But if the climate strike is going to mean anything, it has to include honesty about the crisis we are in. It must include a restless, focused urgency, and–for anyone who is already an adult–it has to include some soul-searching. Who among us can really say “I have done enough” when the biosphere is still dying?

Frankly, I don’t understand why everyone else isn’t weeping, too.

A Shot in the Dark

Greta Thunberg is telling the truth. She’s demanding action, enforcing a kind of societal honesty. The fact that she can get other people to listen to her and join her in her demands is extraordinary. The fact that she can stay focused on her message in the face of hostility, apathy, and flattery is also extraordinary. Very few people could do what she is doing.

But it’s worth taking note of what she isn’t doing, too. She’s not organizing. She is an independent public speaker and climate striker, and while she sometimes cooperates with various groups, she does not lead any organization herself. She doesn’t organize the international strikes and demonstrations that she has inspired–other people, mostly other teenagers, do that. She also isn’t offering or enacting any solutions.

I don’t mean that as a criticism; fire alarms seldom also put out fires, but fire fighters still rely on alarms to wake them up and get them moving in the right direction.

But it’s important to recognize that Ms. Thunberg can’t, all by herself, save us. She is, in fact, begging us to save her.

If we respect her, we have to take further action.

Solving the Problem

Climate change is both a simple problem and a very complex one. The simple part is that burning fossil fuels, plus certain activities that fossil fuels make economically viable (such as destroying the Amazon rainforest in order to produce beef for export), is destroying the world. We have to stop doing those things at once.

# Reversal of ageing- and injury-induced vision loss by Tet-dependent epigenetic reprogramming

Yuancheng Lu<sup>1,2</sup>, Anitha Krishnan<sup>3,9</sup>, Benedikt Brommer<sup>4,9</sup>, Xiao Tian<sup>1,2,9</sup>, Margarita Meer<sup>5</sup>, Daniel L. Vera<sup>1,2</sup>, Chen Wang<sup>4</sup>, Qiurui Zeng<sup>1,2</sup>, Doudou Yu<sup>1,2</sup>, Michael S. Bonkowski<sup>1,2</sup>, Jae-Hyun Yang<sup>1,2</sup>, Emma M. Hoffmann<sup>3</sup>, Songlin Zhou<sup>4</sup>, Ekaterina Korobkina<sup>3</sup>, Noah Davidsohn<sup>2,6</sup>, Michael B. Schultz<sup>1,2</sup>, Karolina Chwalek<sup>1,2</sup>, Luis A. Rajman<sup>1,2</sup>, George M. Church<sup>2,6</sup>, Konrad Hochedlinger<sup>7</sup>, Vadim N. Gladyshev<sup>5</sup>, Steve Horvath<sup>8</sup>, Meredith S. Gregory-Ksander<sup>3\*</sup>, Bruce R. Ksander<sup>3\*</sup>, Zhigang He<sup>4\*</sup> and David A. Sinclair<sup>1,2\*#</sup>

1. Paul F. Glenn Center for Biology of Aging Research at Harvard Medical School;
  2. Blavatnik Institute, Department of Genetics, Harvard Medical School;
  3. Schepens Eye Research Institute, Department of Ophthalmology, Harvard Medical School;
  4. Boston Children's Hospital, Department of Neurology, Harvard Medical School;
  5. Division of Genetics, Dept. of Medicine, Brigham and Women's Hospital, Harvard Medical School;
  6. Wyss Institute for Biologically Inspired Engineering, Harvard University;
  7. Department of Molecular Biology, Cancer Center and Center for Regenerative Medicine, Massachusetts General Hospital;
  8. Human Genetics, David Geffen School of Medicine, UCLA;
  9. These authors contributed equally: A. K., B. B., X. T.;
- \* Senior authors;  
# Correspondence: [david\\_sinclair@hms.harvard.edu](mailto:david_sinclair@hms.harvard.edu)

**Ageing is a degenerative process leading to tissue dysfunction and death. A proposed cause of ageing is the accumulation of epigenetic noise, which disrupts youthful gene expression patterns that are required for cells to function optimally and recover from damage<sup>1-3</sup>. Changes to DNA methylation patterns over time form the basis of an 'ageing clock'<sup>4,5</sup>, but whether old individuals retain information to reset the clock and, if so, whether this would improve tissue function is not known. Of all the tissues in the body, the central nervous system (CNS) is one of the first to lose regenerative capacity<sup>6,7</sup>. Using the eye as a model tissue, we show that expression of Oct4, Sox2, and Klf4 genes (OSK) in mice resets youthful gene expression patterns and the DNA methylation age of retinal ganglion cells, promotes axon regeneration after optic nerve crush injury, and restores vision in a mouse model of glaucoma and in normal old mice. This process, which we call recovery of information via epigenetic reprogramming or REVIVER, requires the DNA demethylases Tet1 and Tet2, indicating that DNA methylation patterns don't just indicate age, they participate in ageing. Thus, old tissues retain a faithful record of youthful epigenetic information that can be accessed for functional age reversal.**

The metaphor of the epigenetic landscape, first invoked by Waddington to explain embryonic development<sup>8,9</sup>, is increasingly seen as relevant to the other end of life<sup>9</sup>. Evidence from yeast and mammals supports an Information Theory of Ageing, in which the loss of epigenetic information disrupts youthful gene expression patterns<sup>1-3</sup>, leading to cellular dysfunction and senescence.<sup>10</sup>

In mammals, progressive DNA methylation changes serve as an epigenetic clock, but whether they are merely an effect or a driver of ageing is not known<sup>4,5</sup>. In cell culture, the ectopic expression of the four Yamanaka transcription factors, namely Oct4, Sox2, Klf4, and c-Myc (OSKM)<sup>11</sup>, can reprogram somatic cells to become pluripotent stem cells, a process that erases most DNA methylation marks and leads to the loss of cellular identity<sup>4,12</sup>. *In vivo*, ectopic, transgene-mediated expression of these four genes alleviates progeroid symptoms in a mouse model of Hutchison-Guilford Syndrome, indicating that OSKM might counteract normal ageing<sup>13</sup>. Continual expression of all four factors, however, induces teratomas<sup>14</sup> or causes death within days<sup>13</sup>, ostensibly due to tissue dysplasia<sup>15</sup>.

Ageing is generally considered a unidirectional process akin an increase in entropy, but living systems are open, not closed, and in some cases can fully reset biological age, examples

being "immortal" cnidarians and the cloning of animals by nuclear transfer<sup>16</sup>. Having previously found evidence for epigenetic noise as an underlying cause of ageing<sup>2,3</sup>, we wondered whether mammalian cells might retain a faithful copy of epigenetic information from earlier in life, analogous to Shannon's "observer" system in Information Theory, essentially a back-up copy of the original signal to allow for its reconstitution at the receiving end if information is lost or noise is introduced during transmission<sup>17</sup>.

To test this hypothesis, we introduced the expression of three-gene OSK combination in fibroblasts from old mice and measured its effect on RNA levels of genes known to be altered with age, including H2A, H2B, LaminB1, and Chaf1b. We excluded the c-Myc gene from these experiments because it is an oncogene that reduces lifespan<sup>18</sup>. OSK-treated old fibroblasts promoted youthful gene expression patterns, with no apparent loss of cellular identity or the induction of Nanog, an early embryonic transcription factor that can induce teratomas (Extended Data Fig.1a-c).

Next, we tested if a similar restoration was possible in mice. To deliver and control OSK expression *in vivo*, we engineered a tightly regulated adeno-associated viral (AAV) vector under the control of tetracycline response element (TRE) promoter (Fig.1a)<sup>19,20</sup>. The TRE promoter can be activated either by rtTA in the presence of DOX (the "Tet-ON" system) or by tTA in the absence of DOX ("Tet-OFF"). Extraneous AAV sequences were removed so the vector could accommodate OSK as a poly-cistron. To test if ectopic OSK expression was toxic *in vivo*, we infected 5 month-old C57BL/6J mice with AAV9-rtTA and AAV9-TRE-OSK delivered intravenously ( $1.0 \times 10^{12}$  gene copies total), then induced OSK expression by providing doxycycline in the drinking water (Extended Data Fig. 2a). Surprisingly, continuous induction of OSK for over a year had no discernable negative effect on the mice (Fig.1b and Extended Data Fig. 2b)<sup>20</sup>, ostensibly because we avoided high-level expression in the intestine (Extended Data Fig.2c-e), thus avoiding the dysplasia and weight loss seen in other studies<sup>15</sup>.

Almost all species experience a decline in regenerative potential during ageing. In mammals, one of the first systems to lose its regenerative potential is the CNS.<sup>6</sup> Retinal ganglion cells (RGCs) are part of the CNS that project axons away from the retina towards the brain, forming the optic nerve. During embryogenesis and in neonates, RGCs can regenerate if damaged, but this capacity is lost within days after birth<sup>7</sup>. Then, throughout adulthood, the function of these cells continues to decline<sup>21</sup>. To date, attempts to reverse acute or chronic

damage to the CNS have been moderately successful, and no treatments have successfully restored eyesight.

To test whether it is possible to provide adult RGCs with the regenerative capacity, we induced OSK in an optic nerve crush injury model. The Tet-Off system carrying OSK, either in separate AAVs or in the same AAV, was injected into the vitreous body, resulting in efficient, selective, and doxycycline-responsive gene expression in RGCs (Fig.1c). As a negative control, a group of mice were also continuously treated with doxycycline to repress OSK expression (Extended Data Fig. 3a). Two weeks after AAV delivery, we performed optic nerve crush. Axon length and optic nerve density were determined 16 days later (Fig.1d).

But the complex part (aside from the details of the climate response; they don’t call climates a complex system for nothing) is that if it’s done the wrong way, keeping fossil fuels in the ground is likely to cause other problems–some of themĀ  drastic. And it’s not altogether clear what the right way to do it is. We know where we need to go, but how best to get there isn’t obvious, even supposing we were all trying to get there. Then, too, “keeping fossil fuels in the ground” is not something that can be done by a single person acting alone. Large numbers of people all have to act together, each in their own role–political leaders, economic leaders, diplomats, activists, consumers, voters, educators–and all more or less coordinated.

And of course, we do all have to attend to other elements of our lives simultaneously, striking balances among competing interests that we don’t actually know how to balance.

While I believe I do have unusual difficulty with finding a place to be of service, I’m clearly not the only person who looks at this mess and says “I don’t know what to do.”

But we must each do something, and do it hard and fast and well.

Steps to Take

I am not Greta Thunberg. I don’t have the abilities she has. But I have the abilities I have, and I also have a blog. And I also have the power to use language to explore options–I can, perhaps, help with charting a solution.

I therefore offer the following suggested actions:

  • Weeping It’s impossible to act as though something is important without feeling as though it’s important, and feeling as though the planet is important entails rage, grief, and fear. It also tends to involve guilt, shame, and frustration, helplessness. While sitting at a picnic table and literally weeping in public might not be everyone’s style, it’s important to let the uncomfortable feelings happen. Be where you are.
  • Community It’s very difficult to accomplish anything in isolation. Most of us need social support and affirmation. That includes not just encouragement and reassurance, but also actions that might on the face of it seem critical–calling on each other to do better, letting each other know when we’ve missed something. We need to form friendships in which climate action is a shared and acknowledged priority, even when it means not being polite. We need more parties, too.